Drums being warmed prior to a sweat lodge ceremony. (Brett Huson) By Lenard Monkman, New Fire associate producer
Recently, someone asked me to name the moment my Mom was most proud of me.
The first thing that popped into my head was when I graduated from high #school. The second thing I thought about was completing my first year of sundance.
Sundance is considered to be one of the most sacred ceremonies for many First Nations communities and signifies a new year with the summer solstice.
When I walked out of the lodge last year, I remember my mom looking at me with the biggest smile. She walked up to me and we hugged. It was a hug that I will never forget — and somebody at the sundance took a photo of that moment.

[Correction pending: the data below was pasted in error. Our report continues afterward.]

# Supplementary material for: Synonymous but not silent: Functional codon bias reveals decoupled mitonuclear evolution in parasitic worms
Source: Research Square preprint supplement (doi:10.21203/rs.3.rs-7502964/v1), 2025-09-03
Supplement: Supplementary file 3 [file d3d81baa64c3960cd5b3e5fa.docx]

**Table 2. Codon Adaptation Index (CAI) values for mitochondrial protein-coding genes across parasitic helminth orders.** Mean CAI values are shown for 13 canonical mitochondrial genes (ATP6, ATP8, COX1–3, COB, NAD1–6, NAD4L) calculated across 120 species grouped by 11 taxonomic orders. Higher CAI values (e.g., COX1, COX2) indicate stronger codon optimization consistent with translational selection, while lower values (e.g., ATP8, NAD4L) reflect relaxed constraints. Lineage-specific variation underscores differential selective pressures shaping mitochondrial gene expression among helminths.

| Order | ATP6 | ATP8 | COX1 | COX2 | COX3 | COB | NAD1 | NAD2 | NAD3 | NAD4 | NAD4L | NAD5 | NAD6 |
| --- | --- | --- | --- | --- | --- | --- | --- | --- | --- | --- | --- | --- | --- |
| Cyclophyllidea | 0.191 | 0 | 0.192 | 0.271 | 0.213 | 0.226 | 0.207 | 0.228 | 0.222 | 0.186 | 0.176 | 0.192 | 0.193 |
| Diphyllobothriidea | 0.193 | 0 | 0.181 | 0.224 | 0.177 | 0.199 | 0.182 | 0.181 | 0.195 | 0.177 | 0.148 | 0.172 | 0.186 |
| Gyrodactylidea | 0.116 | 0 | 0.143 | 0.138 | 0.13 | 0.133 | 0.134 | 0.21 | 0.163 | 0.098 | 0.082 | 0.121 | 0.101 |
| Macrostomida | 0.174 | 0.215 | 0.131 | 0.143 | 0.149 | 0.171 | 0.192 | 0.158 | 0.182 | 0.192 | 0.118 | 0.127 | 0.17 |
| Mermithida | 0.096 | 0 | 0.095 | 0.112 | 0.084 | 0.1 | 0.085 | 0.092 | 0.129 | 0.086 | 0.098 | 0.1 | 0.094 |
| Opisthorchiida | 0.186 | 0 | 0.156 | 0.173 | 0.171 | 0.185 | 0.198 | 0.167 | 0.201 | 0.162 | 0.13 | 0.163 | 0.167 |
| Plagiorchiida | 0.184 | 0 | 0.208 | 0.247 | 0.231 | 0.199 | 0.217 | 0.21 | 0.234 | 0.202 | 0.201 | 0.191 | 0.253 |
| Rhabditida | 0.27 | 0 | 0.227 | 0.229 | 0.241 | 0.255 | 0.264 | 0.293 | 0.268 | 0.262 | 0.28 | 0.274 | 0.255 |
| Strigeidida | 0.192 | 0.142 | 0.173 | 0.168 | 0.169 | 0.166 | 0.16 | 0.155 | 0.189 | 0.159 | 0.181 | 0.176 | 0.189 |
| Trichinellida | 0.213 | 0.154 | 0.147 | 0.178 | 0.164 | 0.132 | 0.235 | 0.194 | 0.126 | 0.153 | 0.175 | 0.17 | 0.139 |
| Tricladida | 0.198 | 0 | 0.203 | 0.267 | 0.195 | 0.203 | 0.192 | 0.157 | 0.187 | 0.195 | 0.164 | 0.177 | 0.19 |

Taking photos at a ceremony and posting them online is a highly contentious and divisive issue for many ceremonial peoples. To some, it’s downright blasphemous.
I often joke that "the first rule of ceremony is you don’t talk about ceremony."
But I’m glad I had a chance to see that photo. Opening up the conversation Desiree Morriseau grew up going to Midwewin ceremonies with her family. The Midwewin are a traditional, Anishinaabe medicine society. And for Morrisseau, these ceremonies are a time to spend with family and loved ones — not something that should be posted online."The dangers of having ceremony on social media is that there’s always more room for interpretation, and that really opens it up," she said."I think it loses a lot of its understanding and its value when you’re not there committed at that moment in time."Part of the reason for this quietness around ceremony is, I believe, rooted in colonial history. Ceremonies like sundance and potlatch were legally forbidden until the 1950s.I agree with […]
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